Chronic pain in children isn’t something you think about when you watch them fly down the soccer field or soar through the air on a swing. After all, isn’t chronic pain a problem that only adults get?
Unfortunately, a new study by Canadian researchers recently published in the December 2011 issue of Pain® revealed that chronic pain in children and adolescents is becoming more common.
“We found that persistent and recurrent chronic pain is overwhelmingly prevalent in children and adolescents, with girls generally experiencing more pain than boys and prevalence rates increasing with age,” said lead investigator Sara King, PhD, currently Assistant Professor, Mount Saint Vincent University, Halifax, Nova Scotia. “Findings such as these argue that researchers and clinicians should be aware of the problem and the long-term consequences of chronic pain in children.”
The researchers examined data from 41 studies on pain in children that were published since 1991. The last study of this kind was done in 1991.
Types of Chronic Pain in Children
The researchers also evaluated 32 studies to categorize them according to the type of pain investigated. The categories of pain were:
- Abdominal pain
- Back pain
- Musculoskeletal pain
- Combined pain
- General pain
Headache pain was found to be the most common, with about 23% prevalence. The other pain categories were less studied than headaches in children so the prevalence rates varied. But the results did indicate that 11% to 38% of children and adolescents suffer in at least one of these pain categories.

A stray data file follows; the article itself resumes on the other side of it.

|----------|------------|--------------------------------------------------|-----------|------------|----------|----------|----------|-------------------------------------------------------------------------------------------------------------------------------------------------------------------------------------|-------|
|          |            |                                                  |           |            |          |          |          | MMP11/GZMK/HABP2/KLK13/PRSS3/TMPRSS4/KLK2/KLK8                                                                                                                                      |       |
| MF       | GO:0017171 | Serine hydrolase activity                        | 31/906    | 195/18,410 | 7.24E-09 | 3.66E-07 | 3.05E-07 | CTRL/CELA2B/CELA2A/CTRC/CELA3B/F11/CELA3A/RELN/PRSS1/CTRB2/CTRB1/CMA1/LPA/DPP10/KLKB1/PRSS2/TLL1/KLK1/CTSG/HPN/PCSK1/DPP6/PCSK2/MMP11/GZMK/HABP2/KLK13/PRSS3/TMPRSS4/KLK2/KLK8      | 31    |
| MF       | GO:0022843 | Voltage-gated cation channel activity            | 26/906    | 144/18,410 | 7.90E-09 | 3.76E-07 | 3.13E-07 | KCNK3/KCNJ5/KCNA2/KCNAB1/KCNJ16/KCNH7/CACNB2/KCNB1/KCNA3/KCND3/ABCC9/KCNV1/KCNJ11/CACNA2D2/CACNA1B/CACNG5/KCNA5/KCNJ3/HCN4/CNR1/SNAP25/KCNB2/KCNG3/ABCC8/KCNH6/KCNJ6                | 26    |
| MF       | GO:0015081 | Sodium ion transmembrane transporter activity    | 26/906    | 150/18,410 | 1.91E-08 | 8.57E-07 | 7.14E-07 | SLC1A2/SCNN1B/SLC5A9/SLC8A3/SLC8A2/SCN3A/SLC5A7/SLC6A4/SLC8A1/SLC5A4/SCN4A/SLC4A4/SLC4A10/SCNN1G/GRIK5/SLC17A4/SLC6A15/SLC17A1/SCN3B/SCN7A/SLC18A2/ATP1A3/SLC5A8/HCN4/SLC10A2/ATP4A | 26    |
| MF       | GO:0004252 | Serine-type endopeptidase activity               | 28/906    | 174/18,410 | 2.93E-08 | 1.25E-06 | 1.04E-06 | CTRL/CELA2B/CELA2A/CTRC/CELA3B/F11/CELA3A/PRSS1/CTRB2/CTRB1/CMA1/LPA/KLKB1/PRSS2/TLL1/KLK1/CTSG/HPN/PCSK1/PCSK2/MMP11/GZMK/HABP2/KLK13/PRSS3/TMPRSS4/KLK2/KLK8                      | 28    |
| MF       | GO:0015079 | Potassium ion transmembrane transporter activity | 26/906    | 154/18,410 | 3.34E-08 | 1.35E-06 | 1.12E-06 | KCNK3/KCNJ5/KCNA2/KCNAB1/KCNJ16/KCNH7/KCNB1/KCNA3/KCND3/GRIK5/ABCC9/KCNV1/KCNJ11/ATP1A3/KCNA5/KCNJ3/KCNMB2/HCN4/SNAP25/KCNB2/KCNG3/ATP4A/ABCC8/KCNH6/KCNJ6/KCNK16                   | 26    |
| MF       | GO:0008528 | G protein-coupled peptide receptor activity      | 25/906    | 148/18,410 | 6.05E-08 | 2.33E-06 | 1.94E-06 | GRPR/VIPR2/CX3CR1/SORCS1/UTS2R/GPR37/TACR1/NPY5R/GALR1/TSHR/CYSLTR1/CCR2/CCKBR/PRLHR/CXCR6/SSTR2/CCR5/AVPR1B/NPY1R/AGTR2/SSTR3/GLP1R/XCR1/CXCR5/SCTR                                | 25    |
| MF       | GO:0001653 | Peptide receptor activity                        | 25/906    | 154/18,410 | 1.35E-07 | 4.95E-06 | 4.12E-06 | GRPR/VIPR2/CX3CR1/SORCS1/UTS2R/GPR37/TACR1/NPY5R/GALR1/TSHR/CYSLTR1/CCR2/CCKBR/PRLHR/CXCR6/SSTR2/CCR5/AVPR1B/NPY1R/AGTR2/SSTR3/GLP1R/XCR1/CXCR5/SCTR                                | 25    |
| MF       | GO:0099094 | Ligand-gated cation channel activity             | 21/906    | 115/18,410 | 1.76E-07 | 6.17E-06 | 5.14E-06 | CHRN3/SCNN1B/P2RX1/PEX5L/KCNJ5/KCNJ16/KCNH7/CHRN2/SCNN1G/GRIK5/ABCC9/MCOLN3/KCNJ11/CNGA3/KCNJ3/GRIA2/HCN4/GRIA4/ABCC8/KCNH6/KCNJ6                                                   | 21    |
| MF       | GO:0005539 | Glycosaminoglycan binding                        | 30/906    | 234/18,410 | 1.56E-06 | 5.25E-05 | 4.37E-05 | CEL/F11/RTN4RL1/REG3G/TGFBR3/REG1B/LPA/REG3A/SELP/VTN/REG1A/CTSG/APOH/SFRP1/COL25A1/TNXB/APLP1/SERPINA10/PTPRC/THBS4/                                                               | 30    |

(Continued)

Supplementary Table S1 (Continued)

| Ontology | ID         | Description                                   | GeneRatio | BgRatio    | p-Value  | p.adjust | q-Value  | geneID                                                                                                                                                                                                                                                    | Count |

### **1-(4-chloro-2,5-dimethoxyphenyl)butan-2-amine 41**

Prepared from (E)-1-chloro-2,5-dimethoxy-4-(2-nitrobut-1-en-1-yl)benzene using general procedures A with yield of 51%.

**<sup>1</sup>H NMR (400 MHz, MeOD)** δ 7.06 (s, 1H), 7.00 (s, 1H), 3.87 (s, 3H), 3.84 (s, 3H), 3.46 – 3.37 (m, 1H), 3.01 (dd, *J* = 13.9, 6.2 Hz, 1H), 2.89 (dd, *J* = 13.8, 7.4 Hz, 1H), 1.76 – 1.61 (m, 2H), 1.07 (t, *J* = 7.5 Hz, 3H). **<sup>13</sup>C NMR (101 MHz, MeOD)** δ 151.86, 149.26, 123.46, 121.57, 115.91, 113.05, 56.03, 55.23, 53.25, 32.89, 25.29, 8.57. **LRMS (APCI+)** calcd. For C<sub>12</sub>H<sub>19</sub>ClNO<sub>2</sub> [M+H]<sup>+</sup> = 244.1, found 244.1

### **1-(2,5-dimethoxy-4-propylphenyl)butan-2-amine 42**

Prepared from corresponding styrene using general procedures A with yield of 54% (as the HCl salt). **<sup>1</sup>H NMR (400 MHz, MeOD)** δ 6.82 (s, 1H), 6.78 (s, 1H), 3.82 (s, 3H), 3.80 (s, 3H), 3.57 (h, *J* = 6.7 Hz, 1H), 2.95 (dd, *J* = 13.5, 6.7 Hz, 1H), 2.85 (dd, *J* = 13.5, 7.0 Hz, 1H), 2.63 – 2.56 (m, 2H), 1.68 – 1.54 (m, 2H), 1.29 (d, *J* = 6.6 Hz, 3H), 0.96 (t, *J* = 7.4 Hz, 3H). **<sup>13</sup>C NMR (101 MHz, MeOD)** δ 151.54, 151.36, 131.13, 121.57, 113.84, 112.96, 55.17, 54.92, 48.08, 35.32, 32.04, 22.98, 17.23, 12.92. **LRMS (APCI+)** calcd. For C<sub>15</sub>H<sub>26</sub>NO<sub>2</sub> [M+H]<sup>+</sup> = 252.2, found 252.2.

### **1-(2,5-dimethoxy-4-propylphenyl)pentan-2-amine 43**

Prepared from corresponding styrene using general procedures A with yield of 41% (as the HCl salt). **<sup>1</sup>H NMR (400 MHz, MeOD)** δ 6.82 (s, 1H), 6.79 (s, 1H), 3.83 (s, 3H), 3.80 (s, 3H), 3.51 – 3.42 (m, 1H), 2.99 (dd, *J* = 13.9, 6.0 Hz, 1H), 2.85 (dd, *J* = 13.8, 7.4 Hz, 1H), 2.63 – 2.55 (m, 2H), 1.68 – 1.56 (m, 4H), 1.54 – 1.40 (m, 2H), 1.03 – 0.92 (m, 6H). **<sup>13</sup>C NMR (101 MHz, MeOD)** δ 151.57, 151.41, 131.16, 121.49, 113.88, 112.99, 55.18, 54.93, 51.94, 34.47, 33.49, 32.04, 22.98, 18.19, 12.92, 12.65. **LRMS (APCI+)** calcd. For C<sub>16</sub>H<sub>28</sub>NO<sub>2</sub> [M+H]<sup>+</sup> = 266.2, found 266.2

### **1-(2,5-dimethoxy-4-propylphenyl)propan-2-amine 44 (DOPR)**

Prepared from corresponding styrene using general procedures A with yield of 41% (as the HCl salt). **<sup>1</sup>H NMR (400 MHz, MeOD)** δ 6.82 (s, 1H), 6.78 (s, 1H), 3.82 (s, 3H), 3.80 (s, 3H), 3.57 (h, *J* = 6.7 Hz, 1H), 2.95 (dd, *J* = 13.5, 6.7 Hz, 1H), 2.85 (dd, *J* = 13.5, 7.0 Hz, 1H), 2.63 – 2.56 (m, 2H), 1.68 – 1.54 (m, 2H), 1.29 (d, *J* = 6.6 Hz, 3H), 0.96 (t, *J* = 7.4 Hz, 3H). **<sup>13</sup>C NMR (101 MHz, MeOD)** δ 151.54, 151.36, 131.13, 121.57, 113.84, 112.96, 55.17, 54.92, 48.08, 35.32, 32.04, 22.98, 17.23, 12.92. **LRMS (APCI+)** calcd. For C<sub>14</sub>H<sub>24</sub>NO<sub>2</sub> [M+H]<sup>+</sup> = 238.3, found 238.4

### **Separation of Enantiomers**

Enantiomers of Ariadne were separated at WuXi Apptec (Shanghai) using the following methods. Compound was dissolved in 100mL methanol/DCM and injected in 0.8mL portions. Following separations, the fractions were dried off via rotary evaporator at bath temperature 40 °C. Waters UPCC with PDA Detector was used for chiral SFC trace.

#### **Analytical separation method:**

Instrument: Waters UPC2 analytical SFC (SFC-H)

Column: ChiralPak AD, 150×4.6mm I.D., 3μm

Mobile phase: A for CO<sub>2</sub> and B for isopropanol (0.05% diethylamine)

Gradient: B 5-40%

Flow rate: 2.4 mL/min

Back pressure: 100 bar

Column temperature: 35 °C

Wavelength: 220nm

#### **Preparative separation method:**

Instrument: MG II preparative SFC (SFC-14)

While the fact that children suffer from chronic pain is alarming enough, of even more concern it the fact that there has been an increase in the number of children with chronic pain over the last 20 to 30 years.
Some of the psychosocial factors that that impacted the occurrence of chronic pain in children were:
- Low self-esteem
- Low socioeconomic status
Effects of Chronic Pain in Children
Children who suffer from chronic pain may miss school and withdraw socially. Children in pain are also at a risk of becoming more anxious, especially if no cause is found for their pain.
Chronic pain is any pain, except normal tissue healing, that lasts beyond three months. Is this the growing pains we all went through as a child? No, the chronic pain in children revealed by this study is too prevalent in children and needs to be seen as a major health concern.
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